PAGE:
This study provides new data on the awareness, perception and self-reported use of the Nutri-Score in France by adolescents and their parents. These first promising results enrich the literature on front-of-packaging nutrition labels, providing insights on youth, for whom this topic has been little explored so far.
With almost all adolescents having already asked their parents to buy a particular food product and more than half buying at least occasionally food or beverages on their own, this study confirms that they act both as prescribers and buyers. They therefore constitute an interesting target for nutritional prevention actions and in particular the implementation of simplified labeling on the front of packaging.
With 97% of awareness in October 2021, almost all adolescents have already seen or heard of Nutri-Score. In addition, 9 out of 10 reported that the logo is easy to understand and even more easy to identify on food packages. These results are in line with studies conducted among adults in France, showing that the Nutri-Score logo, compared with other labeling systems, is considered the easiest to understand and to identify on packaging [28].
Moreover, these data are consistent with the results of a study conducted in Australia, which showed that the gradual logo health star rating (HSR) was preferred by young people (10–17 years) and adults, whereas the reference intakes were the least preferred. The main reasons given for this were that the HSR logo was easy to use, had interpretative content and was easy to spot [29]. In line with these data, another study found that the HSR was the most effective logo, compared with the multiple traffic lights and the reference intakes, to help young consumers identify the healthiest alternative among four products [30].
Overall, 70% of the French adolescents reported that they had already purchased a product with the Nutri-Score. For more than half who bought a product with the logo (54%), the Nutri-Score influenced the act of purchase. This can be explained by the fact that it is easy to identify and understand; it can therefore be used in a context of grocery shopping where choices are made relatively quickly [31]. More specifically, 47% have already opted for a product with a logo instead of a product without a logo and 47% have already changed a product or brand to buy a product with a better Nutri-Score. In a previous experimental study conducted among young people (7–11 years old) in France and relating to the Nutri-Score, the use of the logo was evaluated in a context of choice and showed effective results. The children (and their mothers) had to choose a snack among alternatives of different nutritional quality before and after the Nutri-Score was applied. The addition of the logo led to choices of better nutritional quality, confirming that, even at an age below our study population, the logo can be integrated among the many determinants of food choices [32].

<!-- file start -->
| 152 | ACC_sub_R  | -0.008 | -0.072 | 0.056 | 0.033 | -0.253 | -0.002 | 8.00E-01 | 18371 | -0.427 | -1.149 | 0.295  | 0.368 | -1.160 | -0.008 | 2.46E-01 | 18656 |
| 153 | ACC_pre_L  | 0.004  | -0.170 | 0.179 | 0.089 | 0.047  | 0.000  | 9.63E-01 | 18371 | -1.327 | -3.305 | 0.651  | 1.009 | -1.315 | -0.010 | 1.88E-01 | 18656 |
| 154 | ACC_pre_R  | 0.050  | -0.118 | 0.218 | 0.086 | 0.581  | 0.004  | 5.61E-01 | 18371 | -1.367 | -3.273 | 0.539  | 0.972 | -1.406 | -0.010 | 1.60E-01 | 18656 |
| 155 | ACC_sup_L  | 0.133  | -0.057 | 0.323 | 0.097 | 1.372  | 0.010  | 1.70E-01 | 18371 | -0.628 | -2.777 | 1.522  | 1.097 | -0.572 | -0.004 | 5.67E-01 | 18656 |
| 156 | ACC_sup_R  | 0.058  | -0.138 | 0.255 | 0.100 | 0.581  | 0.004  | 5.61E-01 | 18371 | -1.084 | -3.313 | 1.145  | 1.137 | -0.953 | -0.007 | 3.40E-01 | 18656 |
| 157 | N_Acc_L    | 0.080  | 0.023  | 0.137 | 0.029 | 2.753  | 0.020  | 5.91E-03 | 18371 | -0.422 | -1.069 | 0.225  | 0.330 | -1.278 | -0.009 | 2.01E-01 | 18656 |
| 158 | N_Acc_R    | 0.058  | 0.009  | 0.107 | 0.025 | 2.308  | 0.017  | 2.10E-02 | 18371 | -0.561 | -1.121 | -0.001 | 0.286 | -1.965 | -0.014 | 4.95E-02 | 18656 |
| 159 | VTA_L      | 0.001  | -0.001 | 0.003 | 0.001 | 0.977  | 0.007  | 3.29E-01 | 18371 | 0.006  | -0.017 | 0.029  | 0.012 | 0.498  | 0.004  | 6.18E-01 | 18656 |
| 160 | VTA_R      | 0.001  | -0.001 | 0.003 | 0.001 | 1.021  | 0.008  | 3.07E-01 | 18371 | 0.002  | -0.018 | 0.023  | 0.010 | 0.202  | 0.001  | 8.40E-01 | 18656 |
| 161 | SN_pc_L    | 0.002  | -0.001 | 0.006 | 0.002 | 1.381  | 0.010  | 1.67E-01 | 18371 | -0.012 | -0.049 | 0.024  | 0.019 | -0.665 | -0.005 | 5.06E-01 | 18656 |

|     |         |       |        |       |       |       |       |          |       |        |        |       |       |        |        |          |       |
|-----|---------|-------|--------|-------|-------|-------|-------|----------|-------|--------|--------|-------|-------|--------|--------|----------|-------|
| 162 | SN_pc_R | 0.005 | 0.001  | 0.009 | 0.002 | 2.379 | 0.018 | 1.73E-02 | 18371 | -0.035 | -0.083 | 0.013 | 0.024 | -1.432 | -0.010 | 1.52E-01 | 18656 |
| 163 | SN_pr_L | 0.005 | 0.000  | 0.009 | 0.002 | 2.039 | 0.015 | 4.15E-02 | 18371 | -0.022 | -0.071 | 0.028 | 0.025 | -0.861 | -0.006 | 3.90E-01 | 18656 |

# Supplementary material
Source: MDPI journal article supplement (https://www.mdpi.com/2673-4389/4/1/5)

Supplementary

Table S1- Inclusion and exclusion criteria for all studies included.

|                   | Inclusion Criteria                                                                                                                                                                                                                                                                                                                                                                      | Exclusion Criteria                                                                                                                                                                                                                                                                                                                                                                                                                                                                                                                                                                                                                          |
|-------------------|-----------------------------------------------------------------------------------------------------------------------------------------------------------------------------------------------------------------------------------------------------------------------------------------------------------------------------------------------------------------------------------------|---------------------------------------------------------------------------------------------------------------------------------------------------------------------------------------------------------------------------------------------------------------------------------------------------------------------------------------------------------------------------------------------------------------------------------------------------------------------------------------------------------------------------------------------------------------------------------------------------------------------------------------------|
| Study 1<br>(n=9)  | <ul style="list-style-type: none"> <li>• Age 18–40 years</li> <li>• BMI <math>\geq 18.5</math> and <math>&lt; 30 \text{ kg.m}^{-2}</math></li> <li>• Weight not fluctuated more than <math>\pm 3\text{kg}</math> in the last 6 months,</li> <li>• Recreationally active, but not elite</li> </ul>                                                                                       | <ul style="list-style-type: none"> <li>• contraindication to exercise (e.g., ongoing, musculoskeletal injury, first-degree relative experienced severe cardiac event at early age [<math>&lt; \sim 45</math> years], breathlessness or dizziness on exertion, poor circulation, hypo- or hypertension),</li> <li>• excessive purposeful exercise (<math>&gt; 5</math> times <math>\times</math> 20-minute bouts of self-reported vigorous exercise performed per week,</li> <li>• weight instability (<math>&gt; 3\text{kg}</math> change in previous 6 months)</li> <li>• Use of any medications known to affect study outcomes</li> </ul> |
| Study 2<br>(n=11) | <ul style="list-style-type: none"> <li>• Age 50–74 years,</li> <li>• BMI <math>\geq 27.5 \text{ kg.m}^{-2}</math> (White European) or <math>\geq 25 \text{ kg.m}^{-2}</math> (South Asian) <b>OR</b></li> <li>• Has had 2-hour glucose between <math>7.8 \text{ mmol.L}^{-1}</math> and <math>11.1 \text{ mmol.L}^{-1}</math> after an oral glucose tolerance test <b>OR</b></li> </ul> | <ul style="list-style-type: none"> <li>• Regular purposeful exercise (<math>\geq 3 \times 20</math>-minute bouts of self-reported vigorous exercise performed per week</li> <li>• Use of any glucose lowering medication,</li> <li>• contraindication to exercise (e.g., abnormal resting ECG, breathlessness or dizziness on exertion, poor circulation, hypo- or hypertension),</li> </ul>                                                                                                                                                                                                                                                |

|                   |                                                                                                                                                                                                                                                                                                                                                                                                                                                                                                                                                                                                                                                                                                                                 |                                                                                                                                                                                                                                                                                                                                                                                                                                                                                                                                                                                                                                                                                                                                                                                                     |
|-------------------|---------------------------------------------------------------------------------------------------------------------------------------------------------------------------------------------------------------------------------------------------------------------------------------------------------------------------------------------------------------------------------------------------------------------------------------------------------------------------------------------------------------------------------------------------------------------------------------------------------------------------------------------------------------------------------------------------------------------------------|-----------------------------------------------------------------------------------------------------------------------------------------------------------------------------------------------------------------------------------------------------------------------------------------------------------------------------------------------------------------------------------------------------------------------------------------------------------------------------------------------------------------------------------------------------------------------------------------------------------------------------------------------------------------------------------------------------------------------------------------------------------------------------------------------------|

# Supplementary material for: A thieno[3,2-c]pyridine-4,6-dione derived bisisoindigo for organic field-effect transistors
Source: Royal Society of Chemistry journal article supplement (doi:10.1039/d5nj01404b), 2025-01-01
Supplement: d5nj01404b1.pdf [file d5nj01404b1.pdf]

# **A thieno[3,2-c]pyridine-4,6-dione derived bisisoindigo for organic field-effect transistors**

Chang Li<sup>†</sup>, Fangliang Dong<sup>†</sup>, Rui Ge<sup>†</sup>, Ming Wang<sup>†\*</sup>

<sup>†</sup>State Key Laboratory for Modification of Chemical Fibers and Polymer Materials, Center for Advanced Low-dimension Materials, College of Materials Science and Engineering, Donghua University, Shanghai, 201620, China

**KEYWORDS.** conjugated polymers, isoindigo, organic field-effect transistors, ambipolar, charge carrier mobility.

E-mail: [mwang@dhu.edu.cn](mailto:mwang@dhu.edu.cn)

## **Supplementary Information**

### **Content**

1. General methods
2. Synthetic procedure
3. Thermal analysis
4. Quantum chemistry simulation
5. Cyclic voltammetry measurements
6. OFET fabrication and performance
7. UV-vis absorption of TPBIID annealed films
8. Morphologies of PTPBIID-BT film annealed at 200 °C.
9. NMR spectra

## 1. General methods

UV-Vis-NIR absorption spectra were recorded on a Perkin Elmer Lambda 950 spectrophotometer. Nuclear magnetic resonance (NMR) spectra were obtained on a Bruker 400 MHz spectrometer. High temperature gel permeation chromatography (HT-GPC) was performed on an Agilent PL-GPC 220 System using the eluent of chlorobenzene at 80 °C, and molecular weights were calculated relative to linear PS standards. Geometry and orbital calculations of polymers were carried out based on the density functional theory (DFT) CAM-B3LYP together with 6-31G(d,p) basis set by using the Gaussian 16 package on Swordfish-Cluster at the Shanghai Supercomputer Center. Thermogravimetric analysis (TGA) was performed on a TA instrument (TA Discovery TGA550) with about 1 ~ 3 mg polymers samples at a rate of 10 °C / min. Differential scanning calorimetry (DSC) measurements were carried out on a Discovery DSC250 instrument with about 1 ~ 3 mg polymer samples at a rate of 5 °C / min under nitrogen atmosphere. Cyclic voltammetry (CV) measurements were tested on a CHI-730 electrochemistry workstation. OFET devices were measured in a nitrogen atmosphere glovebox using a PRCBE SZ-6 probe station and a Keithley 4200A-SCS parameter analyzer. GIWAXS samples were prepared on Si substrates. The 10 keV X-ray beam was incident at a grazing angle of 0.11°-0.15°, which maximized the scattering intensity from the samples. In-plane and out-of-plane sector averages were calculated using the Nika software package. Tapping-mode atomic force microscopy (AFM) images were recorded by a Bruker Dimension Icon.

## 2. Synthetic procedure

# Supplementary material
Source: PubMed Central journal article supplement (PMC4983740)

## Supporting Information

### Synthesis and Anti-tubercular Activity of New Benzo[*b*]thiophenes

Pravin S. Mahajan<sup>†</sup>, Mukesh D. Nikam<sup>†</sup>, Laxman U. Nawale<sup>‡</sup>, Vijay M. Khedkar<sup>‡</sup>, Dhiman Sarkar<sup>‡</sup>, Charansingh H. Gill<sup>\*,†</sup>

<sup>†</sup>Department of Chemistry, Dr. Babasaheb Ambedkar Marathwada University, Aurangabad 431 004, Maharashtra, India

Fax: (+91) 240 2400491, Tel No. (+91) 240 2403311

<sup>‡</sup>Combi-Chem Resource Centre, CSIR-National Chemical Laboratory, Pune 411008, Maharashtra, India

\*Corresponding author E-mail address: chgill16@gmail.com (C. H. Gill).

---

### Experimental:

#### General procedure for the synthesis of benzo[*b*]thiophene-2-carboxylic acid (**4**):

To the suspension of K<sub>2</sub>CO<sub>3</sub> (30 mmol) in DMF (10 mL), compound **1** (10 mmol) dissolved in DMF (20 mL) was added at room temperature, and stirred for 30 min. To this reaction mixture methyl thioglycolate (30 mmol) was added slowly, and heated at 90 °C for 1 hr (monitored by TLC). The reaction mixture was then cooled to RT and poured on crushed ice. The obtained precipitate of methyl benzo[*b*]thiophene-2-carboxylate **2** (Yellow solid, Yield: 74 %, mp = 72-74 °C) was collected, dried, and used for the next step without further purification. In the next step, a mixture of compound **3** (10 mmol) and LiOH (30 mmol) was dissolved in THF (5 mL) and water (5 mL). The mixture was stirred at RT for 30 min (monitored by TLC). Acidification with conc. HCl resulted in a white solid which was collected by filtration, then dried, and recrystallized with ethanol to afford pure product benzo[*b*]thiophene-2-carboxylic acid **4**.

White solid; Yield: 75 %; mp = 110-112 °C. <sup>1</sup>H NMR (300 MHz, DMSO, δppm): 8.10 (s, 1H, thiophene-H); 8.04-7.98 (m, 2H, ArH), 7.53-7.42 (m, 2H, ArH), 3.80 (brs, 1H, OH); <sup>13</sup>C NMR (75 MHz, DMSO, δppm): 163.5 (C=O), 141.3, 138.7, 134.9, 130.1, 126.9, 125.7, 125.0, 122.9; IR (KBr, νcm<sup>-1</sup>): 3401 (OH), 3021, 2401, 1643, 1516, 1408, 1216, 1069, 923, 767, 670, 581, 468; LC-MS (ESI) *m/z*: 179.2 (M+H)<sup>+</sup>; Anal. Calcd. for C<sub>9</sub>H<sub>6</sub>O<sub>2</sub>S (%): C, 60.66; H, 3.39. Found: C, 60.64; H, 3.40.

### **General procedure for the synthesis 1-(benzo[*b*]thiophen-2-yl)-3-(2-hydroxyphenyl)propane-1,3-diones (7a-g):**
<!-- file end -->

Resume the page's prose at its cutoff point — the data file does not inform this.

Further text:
In total, 7 out of 10 adolescents who know the Nutri-Score declared that their parents take the logo into account when making food purchases. In the previous study, the improvement in the nutritional quality of the snack chosen by the mothers also revealed that the latter had taken the logo into account when making their choices [32]. Overall, in our study, it appeared that parents were more likely to agree to buy a product that the adolescents requested because it had a more favorable Nutri-Score (A or B) (for 6 out of 10 young people knowing of the logo) rather than refusing a purchase because of the presence of a less favorable Nutri-Score (D or E) (3 out of 10). This is consistent with the results of the large scale randomized controlled trial conducted in 2016 in France. These have indeed shown that the improvement in the overall nutritional quality of the shopping basket linked to the Nutri-Score had mainly been induced by an increase in purchases of products of good nutritional quality rather than a decrease in purchases of products of poorer nutritional quality [8]. This is also in line with results reported in 2022 from shopping panels showing a higher progress on food sales for products with Nutri-Score A and B (+0.3 and 0.4, respectively), whereas the sales of products with Nutri-Score E decreased by 0.5 points [30]. This could be related to an evolution of the consumer choices but also of the food offer, with 3.5% less products displaying a Nutri-Score E in one year [33].
Results from the multivariate logistic model showed that the awareness of the Nutri-Score is significantly associated with gender and age; the girls and the 15–17-year-olds being more likely to be aware of the logo. However, interestingly, no significant difference was found for the occupational category of the reference person of the household, whereas a previous study performed in French adults reported that individuals from lower categories were less likely to be aware of the label [34]. One hypothesis to explain this discrepancy could be that these data were collected from 2018 to 2019, and since this period, the number of products displaying the logo significantly increased and different promotion campaigns of the Nutri-Score were broadcast. The gender-related differences can be explained by women’s greater interest in nutrition, often reported in the literature [31,35]. As regards age, even if the model was adjusted for buying products alone, the higher awareness of the 15–17-year-olds might be due to the fact that they are overall more involved in food purchase and preparation on their own.